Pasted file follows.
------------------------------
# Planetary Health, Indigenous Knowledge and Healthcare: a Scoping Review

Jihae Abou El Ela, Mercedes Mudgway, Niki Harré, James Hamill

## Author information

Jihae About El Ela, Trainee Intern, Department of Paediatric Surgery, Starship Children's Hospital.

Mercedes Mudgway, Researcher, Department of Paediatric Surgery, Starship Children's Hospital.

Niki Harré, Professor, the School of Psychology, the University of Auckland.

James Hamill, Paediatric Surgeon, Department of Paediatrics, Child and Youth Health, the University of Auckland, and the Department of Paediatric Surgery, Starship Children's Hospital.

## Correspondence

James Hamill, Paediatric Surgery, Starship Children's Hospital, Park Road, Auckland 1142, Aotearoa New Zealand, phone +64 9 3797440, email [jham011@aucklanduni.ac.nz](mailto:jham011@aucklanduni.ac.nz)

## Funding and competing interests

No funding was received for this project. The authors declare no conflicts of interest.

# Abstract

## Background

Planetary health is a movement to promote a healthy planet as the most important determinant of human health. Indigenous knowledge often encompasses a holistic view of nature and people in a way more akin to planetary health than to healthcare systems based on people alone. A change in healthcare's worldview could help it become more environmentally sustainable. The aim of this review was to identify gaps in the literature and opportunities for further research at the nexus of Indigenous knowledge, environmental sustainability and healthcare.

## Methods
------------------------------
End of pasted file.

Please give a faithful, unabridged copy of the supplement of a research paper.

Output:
# Planetary Health, Indigenous Knowledge and Healthcare: a Scoping Review

Jihae Abou El Ela, Mercedes Mudgway, Niki Harré, James Hamill

## Author information

Jihae About El Ela, Trainee Intern, Department of Paediatric Surgery, Starship Children's Hospital.

Mercedes Mudgway, Researcher, Department of Paediatric Surgery, Starship Children's Hospital.

Niki Harré, Professor, the School of Psychology, the University of Auckland.

James Hamill, Paediatric Surgeon, Department of Paediatrics, Child and Youth Health, the University of Auckland, and the Department of Paediatric Surgery, Starship Children's Hospital.

## Correspondence

James Hamill, Paediatric Surgery, Starship Children's Hospital, Park Road, Auckland 1142, Aotearoa New Zealand, phone +64 9 3797440, email [jham011@aucklanduni.ac.nz](mailto:jham011@aucklanduni.ac.nz)

## Funding and competing interests

No funding was received for this project. The authors declare no conflicts of interest.

# Abstract

## Background

Planetary health is a movement to promote a healthy planet as the most important determinant of human health. Indigenous knowledge often encompasses a holistic view of nature and people in a way more akin to planetary health than to healthcare systems based on people alone. A change in healthcare's worldview could help it become more environmentally sustainable. The aim of this review was to identify gaps in the literature and opportunities for further research at the nexus of Indigenous knowledge, environmental sustainability and healthcare.

## Methods